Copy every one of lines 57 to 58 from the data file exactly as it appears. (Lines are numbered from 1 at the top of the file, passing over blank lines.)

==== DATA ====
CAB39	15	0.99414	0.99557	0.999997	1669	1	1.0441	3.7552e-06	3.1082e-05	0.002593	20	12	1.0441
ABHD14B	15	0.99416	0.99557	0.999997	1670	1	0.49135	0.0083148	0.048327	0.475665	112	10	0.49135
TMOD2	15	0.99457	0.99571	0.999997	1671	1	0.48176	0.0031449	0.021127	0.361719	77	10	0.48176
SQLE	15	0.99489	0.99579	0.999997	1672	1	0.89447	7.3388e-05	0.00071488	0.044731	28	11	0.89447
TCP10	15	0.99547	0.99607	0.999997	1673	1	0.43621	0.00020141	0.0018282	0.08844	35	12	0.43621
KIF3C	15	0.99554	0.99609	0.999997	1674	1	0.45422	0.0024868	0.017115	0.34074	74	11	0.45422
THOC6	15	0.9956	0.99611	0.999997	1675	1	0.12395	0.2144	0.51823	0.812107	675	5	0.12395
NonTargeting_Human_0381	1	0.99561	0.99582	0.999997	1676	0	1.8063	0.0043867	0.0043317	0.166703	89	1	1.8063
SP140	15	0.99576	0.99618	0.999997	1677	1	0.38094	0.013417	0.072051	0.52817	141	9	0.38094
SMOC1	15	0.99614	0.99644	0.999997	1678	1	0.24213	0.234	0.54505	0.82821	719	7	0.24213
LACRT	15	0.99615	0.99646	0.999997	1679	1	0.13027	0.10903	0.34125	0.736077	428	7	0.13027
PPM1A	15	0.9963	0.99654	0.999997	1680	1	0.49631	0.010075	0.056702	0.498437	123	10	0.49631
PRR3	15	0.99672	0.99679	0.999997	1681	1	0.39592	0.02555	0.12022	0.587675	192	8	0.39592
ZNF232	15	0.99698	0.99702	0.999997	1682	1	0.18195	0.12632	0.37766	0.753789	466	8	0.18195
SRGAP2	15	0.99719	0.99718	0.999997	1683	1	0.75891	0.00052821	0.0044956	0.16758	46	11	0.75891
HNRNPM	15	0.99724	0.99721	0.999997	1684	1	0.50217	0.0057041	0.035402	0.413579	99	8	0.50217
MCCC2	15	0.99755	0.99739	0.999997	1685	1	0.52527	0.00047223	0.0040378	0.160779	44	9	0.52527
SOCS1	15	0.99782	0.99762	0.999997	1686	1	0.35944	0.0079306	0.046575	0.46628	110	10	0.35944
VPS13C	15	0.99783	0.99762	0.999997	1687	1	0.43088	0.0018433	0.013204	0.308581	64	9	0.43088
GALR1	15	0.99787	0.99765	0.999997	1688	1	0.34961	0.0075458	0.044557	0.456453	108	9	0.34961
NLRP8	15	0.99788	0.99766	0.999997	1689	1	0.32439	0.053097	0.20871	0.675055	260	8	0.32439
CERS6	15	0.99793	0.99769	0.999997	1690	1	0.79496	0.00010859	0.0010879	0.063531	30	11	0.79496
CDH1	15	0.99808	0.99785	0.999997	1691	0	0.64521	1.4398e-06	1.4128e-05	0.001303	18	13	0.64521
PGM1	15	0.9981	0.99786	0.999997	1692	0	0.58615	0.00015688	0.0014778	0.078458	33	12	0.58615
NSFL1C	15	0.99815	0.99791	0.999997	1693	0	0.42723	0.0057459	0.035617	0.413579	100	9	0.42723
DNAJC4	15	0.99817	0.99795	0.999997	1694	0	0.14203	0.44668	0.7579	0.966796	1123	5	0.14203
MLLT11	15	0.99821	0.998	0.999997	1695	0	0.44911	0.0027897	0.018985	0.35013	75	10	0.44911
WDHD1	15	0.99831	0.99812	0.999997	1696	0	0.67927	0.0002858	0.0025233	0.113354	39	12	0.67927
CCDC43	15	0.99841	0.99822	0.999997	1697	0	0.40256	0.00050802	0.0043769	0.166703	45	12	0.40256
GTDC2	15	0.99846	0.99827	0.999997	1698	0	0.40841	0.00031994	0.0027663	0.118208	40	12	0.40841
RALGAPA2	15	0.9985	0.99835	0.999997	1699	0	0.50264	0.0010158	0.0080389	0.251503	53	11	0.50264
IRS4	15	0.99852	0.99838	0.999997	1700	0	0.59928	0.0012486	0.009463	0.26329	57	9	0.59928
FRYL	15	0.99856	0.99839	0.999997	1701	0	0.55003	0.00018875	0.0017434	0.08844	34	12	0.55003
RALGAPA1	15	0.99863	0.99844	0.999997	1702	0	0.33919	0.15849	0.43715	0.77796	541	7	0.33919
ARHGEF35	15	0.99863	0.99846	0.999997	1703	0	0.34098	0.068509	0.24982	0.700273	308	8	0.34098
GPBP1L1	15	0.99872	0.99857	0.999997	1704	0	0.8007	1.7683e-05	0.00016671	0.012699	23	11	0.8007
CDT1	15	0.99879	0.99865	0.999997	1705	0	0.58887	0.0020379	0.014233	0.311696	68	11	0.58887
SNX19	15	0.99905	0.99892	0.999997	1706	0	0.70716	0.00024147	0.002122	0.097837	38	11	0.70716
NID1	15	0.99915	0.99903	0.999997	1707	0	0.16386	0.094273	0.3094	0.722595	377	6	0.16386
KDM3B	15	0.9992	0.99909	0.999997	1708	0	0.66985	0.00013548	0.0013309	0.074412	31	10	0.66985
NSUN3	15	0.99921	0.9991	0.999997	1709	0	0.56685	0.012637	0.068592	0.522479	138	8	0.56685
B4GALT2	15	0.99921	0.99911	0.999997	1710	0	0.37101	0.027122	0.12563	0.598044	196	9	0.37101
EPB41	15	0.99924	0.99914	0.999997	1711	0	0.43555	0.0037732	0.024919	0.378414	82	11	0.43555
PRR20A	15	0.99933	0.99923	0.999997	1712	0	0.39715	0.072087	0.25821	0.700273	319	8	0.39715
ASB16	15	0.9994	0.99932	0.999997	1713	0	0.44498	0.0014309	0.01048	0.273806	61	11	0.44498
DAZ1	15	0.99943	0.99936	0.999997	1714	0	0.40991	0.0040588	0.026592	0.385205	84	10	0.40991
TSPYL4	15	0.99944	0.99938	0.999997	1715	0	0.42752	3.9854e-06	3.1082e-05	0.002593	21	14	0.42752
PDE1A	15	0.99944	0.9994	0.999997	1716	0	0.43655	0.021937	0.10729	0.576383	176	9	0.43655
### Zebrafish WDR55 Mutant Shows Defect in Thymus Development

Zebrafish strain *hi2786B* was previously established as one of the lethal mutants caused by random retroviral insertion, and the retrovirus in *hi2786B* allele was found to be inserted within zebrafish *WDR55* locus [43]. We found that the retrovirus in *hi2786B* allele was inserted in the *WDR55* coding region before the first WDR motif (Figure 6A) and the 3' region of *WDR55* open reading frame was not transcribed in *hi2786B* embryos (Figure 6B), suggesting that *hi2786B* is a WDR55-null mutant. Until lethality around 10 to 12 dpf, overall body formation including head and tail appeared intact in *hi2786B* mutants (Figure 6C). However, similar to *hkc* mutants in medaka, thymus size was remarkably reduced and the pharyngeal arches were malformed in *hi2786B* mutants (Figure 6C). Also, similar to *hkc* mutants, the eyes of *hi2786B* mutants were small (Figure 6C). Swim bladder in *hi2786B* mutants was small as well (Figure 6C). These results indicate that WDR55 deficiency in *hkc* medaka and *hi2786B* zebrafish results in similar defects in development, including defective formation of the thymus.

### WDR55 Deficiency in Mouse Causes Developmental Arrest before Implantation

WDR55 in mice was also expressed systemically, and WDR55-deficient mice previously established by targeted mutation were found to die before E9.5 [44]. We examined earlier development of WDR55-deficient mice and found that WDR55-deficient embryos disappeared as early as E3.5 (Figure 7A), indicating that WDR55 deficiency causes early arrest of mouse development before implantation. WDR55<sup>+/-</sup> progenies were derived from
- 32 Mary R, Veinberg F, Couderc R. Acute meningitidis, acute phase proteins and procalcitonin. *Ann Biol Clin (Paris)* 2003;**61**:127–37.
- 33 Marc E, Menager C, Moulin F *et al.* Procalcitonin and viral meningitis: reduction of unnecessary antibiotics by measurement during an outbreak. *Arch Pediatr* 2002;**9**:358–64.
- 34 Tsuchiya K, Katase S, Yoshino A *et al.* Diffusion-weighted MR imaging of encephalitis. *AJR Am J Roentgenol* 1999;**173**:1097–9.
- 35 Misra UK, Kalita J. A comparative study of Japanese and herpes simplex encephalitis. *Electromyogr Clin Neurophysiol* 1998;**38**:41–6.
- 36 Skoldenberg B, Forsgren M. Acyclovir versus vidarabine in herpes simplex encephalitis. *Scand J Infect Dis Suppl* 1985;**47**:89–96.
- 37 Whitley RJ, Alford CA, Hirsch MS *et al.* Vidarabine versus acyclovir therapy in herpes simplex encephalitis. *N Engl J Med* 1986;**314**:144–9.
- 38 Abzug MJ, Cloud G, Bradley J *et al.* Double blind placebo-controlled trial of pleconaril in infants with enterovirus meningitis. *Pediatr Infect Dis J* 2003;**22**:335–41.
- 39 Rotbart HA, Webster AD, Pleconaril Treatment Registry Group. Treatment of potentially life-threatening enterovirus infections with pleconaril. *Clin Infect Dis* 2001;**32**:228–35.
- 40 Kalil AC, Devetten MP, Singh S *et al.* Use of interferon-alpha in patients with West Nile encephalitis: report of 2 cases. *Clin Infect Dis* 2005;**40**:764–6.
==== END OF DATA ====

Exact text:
- 36 Skoldenberg B, Forsgren M. Acyclovir versus vidarabine in herpes simplex encephalitis. *Scand J Infect Dis Suppl* 1985;**47**:89–96.
- 37 Whitley RJ, Alford CA, Hirsch MS *et al.* Vidarabine versus acyclovir therapy in herpes simplex encephalitis. *N Engl J Med* 1986;**314**:144–9.